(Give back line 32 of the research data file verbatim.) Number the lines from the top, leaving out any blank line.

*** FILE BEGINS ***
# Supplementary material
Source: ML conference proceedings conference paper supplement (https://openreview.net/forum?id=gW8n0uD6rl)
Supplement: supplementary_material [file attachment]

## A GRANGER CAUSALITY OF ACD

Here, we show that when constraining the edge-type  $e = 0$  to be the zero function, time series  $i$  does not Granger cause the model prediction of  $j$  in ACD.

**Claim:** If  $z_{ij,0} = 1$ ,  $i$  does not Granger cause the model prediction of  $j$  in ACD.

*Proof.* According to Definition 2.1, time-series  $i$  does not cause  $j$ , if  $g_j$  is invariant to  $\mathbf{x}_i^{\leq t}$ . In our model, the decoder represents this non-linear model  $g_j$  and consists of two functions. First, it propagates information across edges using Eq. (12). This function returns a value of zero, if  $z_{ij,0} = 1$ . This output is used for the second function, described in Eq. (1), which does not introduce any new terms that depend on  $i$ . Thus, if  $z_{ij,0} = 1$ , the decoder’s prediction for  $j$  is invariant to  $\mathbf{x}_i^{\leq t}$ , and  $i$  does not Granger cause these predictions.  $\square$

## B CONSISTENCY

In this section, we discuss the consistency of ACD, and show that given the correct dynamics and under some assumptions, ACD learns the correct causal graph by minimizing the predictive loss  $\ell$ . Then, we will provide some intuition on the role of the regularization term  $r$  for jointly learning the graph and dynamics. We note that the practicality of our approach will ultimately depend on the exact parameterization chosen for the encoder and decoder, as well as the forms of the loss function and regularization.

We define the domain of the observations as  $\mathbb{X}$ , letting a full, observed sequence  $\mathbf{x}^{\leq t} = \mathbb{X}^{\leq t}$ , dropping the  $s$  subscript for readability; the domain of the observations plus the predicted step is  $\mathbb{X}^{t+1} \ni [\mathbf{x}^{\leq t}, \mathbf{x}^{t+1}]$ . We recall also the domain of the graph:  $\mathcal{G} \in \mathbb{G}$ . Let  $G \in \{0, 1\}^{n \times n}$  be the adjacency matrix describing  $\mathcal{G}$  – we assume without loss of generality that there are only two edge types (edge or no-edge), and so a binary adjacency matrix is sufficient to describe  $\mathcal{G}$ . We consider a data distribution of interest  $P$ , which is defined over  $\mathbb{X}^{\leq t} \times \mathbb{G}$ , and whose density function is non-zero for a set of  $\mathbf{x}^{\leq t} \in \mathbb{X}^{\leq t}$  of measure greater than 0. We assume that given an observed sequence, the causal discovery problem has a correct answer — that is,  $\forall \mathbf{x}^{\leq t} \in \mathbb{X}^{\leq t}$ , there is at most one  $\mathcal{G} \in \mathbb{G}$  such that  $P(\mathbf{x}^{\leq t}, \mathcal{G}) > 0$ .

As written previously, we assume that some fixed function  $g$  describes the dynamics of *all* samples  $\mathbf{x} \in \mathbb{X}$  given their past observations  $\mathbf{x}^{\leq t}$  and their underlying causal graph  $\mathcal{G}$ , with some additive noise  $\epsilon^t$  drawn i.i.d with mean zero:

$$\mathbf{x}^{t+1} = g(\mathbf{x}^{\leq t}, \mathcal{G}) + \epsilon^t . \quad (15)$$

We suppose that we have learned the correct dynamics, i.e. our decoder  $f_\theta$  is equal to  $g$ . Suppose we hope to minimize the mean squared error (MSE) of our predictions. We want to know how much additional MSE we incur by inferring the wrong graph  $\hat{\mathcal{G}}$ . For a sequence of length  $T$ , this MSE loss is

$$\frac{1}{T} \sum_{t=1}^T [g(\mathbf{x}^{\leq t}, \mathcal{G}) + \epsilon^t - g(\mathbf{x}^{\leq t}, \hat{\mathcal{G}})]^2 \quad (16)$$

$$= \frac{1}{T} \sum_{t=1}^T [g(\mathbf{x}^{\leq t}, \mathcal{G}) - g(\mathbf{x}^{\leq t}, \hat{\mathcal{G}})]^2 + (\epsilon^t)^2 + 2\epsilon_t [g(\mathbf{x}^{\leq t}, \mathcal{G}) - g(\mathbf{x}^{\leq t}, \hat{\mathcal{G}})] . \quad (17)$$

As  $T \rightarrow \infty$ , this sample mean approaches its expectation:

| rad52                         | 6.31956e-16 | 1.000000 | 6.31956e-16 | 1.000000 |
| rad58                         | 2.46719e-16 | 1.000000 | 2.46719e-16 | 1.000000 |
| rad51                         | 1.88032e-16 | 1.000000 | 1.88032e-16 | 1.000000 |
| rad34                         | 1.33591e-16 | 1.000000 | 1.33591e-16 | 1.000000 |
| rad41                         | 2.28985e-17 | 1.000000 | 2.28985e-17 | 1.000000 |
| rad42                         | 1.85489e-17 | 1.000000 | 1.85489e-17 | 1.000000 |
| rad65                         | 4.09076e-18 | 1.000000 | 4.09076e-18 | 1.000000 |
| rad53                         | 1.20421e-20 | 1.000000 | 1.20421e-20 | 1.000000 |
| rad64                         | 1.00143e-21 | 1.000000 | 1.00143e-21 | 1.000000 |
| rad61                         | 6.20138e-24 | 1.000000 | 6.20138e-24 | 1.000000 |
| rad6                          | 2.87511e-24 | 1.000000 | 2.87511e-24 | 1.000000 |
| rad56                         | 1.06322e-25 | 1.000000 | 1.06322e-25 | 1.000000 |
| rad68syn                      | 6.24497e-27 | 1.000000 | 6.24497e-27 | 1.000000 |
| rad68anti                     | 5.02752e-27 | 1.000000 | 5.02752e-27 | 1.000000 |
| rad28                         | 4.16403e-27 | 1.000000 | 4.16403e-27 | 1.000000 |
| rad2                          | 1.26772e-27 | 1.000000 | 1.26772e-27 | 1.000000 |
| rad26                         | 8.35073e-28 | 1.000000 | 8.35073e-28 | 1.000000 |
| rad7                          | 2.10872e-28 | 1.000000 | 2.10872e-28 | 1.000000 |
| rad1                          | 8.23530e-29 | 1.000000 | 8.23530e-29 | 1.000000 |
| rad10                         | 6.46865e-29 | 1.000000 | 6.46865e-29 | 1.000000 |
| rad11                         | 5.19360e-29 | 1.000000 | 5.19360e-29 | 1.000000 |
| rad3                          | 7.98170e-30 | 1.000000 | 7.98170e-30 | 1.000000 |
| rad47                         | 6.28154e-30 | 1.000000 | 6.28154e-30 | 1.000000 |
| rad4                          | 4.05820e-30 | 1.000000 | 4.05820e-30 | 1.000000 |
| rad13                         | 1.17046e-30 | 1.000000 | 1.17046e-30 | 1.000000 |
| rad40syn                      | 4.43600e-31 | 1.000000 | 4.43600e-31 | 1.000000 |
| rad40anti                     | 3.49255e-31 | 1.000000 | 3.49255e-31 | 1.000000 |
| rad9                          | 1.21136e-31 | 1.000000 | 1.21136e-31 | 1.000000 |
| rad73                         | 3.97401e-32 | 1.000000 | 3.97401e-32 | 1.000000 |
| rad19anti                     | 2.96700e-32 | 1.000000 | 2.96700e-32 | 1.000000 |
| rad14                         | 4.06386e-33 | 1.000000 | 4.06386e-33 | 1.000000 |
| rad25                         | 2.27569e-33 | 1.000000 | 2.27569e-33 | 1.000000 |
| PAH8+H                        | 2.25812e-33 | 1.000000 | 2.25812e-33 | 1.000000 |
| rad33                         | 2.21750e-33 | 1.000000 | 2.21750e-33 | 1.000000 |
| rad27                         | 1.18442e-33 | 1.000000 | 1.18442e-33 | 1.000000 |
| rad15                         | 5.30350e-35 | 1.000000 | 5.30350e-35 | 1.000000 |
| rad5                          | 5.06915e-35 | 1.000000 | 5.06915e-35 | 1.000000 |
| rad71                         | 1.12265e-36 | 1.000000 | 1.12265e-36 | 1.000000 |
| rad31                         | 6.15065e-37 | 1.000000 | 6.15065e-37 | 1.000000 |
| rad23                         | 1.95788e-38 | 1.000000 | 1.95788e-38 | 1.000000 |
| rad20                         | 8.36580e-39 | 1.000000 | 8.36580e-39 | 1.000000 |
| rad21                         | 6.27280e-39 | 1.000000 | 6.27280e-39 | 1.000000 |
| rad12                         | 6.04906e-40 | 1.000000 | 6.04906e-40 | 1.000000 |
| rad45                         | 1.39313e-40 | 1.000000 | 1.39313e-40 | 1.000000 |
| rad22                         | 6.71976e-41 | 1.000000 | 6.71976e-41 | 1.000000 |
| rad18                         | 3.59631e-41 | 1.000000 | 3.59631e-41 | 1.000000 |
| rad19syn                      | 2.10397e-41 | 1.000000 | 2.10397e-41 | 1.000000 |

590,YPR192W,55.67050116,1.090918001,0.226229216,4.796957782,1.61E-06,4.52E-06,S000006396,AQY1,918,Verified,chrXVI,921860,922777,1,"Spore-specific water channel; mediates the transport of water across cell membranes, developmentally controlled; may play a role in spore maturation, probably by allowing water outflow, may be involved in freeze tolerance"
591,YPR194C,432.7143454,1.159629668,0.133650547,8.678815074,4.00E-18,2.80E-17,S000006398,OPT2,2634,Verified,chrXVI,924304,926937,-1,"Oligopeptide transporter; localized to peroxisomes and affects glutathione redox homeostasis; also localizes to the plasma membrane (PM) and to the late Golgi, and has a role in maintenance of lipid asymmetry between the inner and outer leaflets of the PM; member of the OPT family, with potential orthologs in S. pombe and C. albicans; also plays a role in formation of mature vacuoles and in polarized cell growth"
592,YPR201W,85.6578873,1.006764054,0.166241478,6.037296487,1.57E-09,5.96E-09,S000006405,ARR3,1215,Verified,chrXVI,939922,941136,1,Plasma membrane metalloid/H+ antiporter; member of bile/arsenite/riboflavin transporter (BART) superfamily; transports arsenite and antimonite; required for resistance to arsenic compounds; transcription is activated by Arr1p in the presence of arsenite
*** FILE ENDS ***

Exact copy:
| rad2                          | 1.26772e-27 | 1.000000 | 1.26772e-27 | 1.000000 |